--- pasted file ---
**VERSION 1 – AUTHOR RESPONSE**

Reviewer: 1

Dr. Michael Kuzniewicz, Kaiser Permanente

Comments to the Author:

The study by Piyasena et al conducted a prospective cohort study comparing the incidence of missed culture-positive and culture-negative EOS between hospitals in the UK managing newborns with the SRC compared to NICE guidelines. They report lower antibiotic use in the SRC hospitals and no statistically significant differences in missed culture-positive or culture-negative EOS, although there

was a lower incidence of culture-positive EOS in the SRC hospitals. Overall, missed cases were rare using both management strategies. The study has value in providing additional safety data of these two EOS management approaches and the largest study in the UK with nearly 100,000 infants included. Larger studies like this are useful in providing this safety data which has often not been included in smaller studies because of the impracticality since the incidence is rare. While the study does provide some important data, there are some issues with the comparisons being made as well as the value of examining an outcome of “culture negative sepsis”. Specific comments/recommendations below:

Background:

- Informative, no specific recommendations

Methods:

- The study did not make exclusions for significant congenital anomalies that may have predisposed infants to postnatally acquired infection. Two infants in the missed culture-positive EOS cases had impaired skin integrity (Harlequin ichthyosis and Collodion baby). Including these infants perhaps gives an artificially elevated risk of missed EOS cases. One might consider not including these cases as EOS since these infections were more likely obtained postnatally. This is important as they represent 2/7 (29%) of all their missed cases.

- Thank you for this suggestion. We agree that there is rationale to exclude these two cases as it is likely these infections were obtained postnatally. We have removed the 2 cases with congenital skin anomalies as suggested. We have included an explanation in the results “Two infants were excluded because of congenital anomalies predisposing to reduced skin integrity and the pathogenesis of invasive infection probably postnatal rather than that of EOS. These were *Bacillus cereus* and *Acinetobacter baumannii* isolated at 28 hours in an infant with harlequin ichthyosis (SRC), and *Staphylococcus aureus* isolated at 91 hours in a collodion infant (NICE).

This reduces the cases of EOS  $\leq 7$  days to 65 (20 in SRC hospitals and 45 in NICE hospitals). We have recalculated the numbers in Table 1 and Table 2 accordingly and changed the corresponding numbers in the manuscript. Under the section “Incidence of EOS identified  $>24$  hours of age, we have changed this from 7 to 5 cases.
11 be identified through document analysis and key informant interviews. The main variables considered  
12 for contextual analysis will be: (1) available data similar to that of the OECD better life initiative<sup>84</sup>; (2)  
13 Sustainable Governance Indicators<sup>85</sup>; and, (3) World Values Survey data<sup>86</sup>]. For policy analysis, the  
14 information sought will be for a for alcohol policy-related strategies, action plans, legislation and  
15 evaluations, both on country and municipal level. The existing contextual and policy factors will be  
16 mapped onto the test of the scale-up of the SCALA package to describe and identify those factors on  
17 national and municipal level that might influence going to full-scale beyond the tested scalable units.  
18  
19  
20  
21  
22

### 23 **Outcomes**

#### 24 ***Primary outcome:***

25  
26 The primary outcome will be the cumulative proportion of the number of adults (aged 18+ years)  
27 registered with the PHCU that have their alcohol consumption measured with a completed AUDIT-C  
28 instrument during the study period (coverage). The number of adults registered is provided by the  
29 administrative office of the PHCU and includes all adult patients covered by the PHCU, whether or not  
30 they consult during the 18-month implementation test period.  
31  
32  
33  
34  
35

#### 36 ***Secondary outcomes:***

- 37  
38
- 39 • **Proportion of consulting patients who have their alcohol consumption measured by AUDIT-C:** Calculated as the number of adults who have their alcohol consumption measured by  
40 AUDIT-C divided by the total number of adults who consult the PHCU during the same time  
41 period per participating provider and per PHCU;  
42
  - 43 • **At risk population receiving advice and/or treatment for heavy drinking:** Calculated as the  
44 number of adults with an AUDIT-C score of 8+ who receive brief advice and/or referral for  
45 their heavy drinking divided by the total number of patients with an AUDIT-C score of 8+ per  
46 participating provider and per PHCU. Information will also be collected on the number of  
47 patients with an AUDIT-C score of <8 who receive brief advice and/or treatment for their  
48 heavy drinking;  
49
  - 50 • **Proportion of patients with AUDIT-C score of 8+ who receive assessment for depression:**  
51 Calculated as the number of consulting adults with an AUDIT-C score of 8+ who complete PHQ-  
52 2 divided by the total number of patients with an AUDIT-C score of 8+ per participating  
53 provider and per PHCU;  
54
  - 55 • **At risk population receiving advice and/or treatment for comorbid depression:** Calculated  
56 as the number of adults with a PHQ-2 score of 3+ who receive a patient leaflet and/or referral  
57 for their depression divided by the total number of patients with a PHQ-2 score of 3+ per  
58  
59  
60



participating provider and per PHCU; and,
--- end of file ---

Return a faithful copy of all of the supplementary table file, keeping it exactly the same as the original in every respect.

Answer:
**VERSION 1 – AUTHOR RESPONSE**

Reviewer: 1

Dr. Michael Kuzniewicz, Kaiser Permanente

Comments to the Author:

The study by Piyasena et al conducted a prospective cohort study comparing the incidence of missed culture-positive and culture-negative EOS between hospitals in the UK managing newborns with the SRC compared to NICE guidelines. They report lower antibiotic use in the SRC hospitals and no statistically significant differences in missed culture-positive or culture-negative EOS, although there

was a lower incidence of culture-positive EOS in the SRC hospitals. Overall, missed cases were rare using both management strategies. The study has value in providing additional safety data of these two EOS management approaches and the largest study in the UK with nearly 100,000 infants included. Larger studies like this are useful in providing this safety data which has often not been included in smaller studies because of the impracticality since the incidence is rare. While the study does provide some important data, there are some issues with the comparisons being made as well as the value of examining an outcome of “culture negative sepsis”. Specific comments/recommendations below:

Background:

- Informative, no specific recommendations

Methods:

- The study did not make exclusions for significant congenital anomalies that may have predisposed infants to postnatally acquired infection. Two infants in the missed culture-positive EOS cases had impaired skin integrity (Harlequin ichthyosis and Collodion baby). Including these infants perhaps gives an artificially elevated risk of missed EOS cases. One might consider not including these cases as EOS since these infections were more likely obtained postnatally. This is important as they represent 2/7 (29%) of all their missed cases.

- Thank you for this suggestion. We agree that there is rationale to exclude these two cases as it is likely these infections were obtained postnatally. We have removed the 2 cases with congenital skin anomalies as suggested. We have included an explanation in the results “Two infants were excluded because of congenital anomalies predisposing to reduced skin integrity and the pathogenesis of invasive infection probably postnatal rather than that of EOS. These were *Bacillus cereus* and *Acinetobacter baumannii* isolated at 28 hours in an infant with harlequin ichthyosis (SRC), and *Staphylococcus aureus* isolated at 91 hours in a collodion infant (NICE).

This reduces the cases of EOS  $\leq 7$  days to 65 (20 in SRC hospitals and 45 in NICE hospitals). We have recalculated the numbers in Table 1 and Table 2 accordingly and changed the corresponding numbers in the manuscript. Under the section “Incidence of EOS identified  $>24$  hours of age, we have changed this from 7 to 5 cases.
11 be identified through document analysis and key informant interviews. The main variables considered  
12 for contextual analysis will be: (1) available data similar to that of the OECD better life initiative<sup>84</sup>; (2)  
13 Sustainable Governance Indicators<sup>85</sup>; and, (3) World Values Survey data<sup>86</sup>]. For policy analysis, the  
14 information sought will be for a for alcohol policy-related strategies, action plans, legislation and  
15 evaluations, both on country and municipal level. The existing contextual and policy factors will be  
16 mapped onto the test of the scale-up of the SCALA package to describe and identify those factors on  
17 national and municipal level that might influence going to full-scale beyond the tested scalable units.  
18  
19  
20  
21  
22

### 23 **Outcomes**

#### 24 ***Primary outcome:***

25  
26 The primary outcome will be the cumulative proportion of the number of adults (aged 18+ years)  
27 registered with the PHCU that have their alcohol consumption measured with a completed AUDIT-C  
28 instrument during the study period (coverage). The number of adults registered is provided by the  
29 administrative office of the PHCU and includes all adult patients covered by the PHCU, whether or not  
30 they consult during the 18-month implementation test period.  
31  
32  
33  
34  
35

#### 36 ***Secondary outcomes:***

- 37  
38
- 39 • **Proportion of consulting patients who have their alcohol consumption measured by AUDIT-C:** Calculated as the number of adults who have their alcohol consumption measured by  
40 AUDIT-C divided by the total number of adults who consult the PHCU during the same time  
41 period per participating provider and per PHCU;  
42
  - 43 • **At risk population receiving advice and/or treatment for heavy drinking:** Calculated as the  
44 number of adults with an AUDIT-C score of 8+ who receive brief advice and/or referral for  
45 their heavy drinking divided by the total number of patients with an AUDIT-C score of 8+ per  
46 participating provider and per PHCU. Information will also be collected on the number of  
47 patients with an AUDIT-C score of <8 who receive brief advice and/or treatment for their  
48 heavy drinking;  
49
  - 50 • **Proportion of patients with AUDIT-C score of 8+ who receive assessment for depression:**  
51 Calculated as the number of consulting adults with an AUDIT-C score of 8+ who complete PHQ-  
52 2 divided by the total number of patients with an AUDIT-C score of 8+ per participating  
53 provider and per PHCU;  
54
  - 55 • **At risk population receiving advice and/or treatment for comorbid depression:** Calculated  
56 as the number of adults with a PHQ-2 score of 3+ who receive a patient leaflet and/or referral  
57 for their depression divided by the total number of patients with a PHQ-2 score of 3+ per  
58  
59  
60



participating provider and per PHCU; and,